A jobless architect during the Great Depression, James Avati went on to become one of the most widely circulated illustrators of the 21st century
Hard times and the future of generations can be a gloomy topic, so the record of college graduates of the 1930s has some encouraging notes. Adaptable men and women often found their real vocations. My favorite example is the illustrator James Avati (1912-2005), subject of a museum exhibition reviewed in the New York Times.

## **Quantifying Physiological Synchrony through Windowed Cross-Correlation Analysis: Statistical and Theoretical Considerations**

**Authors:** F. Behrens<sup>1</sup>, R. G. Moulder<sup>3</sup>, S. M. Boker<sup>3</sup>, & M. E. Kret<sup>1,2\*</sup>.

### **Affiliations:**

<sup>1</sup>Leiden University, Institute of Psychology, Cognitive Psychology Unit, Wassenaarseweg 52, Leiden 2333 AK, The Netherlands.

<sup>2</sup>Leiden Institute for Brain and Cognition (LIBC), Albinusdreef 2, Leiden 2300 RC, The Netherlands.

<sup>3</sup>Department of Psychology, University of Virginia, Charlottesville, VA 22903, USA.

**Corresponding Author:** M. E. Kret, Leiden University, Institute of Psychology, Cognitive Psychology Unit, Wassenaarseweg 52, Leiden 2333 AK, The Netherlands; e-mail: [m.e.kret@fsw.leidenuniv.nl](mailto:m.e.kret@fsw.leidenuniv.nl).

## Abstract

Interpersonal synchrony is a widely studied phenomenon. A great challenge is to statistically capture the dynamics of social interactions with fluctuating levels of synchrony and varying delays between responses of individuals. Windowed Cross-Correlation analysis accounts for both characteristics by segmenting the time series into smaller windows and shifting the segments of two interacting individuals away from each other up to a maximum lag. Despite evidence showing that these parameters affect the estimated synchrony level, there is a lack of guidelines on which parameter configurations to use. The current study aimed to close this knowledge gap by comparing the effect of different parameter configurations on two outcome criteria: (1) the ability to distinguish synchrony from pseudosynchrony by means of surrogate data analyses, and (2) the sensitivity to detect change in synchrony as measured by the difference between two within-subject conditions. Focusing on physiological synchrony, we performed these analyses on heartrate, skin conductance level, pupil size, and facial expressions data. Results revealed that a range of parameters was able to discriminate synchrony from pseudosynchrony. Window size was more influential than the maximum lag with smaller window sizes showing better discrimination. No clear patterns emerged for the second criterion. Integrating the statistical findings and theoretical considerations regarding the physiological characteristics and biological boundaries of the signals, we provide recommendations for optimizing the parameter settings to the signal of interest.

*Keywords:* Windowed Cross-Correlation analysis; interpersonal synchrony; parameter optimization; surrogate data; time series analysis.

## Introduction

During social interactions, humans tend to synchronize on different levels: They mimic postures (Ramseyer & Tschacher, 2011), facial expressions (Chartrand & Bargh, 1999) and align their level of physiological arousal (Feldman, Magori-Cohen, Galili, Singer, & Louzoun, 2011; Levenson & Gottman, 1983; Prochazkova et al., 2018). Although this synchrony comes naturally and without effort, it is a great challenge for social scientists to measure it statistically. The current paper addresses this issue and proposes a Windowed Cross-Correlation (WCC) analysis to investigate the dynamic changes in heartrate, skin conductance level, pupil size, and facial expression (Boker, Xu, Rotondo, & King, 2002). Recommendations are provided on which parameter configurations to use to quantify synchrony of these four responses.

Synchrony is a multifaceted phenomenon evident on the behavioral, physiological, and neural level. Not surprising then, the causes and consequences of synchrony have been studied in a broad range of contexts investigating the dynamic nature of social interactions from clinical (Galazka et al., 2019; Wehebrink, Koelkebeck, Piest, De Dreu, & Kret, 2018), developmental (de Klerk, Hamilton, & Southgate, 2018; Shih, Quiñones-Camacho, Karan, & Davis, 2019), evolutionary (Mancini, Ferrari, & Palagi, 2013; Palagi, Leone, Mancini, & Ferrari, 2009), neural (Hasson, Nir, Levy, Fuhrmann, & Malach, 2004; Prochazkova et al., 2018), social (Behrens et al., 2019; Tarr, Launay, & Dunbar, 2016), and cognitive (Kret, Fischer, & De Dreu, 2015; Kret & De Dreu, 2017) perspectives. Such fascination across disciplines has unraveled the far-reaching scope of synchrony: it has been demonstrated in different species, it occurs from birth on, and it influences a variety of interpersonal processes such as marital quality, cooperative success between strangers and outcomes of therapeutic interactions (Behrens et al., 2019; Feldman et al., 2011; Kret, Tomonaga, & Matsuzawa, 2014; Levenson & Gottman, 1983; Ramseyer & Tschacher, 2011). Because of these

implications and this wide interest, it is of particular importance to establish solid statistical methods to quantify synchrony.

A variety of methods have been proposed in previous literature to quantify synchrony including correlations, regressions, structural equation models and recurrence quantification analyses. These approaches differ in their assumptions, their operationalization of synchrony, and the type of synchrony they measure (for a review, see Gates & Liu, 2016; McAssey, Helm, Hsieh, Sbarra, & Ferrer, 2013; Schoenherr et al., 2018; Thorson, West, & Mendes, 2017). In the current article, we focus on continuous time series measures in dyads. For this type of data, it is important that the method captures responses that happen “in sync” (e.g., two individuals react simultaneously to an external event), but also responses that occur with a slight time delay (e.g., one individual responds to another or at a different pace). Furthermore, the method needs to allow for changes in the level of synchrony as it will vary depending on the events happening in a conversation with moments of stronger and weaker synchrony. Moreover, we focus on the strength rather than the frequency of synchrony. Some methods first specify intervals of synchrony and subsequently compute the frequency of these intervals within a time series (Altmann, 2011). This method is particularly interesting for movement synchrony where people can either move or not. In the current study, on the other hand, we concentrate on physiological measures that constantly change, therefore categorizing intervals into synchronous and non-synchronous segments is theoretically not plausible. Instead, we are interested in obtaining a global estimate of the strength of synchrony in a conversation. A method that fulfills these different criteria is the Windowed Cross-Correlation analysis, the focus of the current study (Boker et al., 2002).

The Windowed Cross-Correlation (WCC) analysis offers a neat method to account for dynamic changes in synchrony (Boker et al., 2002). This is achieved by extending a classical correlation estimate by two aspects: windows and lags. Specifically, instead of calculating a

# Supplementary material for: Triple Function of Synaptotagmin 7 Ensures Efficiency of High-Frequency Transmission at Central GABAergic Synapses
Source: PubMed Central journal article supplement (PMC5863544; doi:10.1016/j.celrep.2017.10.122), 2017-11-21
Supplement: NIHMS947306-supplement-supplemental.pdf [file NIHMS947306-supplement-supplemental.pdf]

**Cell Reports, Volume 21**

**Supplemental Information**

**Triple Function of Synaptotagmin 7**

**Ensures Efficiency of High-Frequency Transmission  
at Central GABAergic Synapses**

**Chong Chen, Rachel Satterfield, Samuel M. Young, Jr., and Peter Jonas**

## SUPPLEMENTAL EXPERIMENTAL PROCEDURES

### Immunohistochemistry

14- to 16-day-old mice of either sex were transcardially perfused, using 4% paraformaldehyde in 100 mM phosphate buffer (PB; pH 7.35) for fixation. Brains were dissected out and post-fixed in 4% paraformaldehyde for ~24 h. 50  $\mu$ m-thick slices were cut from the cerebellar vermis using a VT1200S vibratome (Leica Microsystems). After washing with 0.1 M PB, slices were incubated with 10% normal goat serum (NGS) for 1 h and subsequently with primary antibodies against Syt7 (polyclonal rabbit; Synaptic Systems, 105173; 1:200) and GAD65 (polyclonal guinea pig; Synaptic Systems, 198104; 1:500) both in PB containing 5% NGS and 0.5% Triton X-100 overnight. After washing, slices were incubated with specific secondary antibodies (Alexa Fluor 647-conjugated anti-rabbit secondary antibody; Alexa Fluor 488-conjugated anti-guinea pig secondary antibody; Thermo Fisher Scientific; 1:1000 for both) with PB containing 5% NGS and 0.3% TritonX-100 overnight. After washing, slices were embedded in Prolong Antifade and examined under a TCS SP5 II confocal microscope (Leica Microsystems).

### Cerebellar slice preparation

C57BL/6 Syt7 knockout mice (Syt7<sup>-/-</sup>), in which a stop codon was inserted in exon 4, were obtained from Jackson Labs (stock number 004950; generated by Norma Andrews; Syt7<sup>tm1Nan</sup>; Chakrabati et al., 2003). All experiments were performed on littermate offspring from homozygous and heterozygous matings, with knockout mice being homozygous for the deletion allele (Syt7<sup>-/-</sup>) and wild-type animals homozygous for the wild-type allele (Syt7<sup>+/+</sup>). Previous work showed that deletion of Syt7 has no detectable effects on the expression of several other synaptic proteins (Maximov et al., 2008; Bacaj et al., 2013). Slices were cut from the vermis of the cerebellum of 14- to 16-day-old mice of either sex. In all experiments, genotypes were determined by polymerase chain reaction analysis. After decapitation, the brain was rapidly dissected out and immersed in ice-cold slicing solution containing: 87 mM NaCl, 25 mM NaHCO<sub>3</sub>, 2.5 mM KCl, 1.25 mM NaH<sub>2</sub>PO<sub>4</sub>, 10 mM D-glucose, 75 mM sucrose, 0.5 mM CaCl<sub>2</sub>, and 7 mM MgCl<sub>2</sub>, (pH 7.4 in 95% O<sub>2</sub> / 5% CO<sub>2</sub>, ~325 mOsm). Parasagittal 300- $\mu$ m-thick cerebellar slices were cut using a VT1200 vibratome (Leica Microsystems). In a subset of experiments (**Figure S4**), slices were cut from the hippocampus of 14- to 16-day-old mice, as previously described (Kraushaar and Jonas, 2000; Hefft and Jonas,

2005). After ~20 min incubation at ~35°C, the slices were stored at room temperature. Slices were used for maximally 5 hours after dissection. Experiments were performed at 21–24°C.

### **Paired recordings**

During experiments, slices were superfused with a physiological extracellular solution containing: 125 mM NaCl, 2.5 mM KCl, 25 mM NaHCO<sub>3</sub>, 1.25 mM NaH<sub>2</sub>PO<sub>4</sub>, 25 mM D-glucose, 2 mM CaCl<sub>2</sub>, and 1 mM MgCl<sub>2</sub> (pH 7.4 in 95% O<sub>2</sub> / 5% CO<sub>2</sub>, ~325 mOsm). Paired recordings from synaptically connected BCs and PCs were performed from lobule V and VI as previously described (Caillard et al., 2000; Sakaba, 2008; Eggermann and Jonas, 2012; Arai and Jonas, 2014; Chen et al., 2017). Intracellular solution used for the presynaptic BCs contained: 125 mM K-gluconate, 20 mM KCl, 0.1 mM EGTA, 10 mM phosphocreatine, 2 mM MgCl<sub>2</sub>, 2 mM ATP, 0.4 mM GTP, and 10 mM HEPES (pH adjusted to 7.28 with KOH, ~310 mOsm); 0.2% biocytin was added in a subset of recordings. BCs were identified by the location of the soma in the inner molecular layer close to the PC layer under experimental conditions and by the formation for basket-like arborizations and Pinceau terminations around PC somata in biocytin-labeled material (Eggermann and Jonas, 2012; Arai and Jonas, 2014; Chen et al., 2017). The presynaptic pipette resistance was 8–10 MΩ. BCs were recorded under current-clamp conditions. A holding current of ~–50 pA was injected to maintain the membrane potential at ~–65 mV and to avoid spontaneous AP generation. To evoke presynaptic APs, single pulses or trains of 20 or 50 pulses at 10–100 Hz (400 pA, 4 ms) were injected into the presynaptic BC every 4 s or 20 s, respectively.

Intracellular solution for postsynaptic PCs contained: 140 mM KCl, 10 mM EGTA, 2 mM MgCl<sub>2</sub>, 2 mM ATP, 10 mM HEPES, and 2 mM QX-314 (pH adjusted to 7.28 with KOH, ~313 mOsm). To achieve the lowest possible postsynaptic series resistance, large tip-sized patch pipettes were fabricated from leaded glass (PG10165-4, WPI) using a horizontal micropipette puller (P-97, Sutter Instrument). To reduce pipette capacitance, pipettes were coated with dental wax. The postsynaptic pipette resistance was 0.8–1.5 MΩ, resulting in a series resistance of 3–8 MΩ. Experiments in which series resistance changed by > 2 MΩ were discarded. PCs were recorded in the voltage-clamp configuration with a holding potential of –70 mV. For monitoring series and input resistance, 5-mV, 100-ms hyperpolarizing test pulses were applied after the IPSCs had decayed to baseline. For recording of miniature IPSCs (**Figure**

I started to collect 1950s paperbacks with Avati signatures even before I knew who he was. What Norman Rockwell was to middle-class magazines, Avati was to mass market paperbacks of the 1950s and beyond. His signature was one of the first to appear on covers; publishers found that paperback outlets would buy more copies with an Avati cover. So his work could be found in tens of millions of homes, even though Avati collecting has always been a niche category. Avati was a self-taught painter but a master of interpreting a book, whether William Faulkner or Mickey Spillane. (The original for Catcher in the Rye recently was auctioned for over $21,500.) He was an early representative of what sociologists of the arts later called an omnivorous approach to culture, mixing "high" and "low." He read books carefully before illustrating them and made his canvases extra large, so many of the printed covers have remarkable detail and tonal range. No mass market illustrator could express a greater range of emotion. It was almost as though he were a theatrical or motion picture director plus production designer.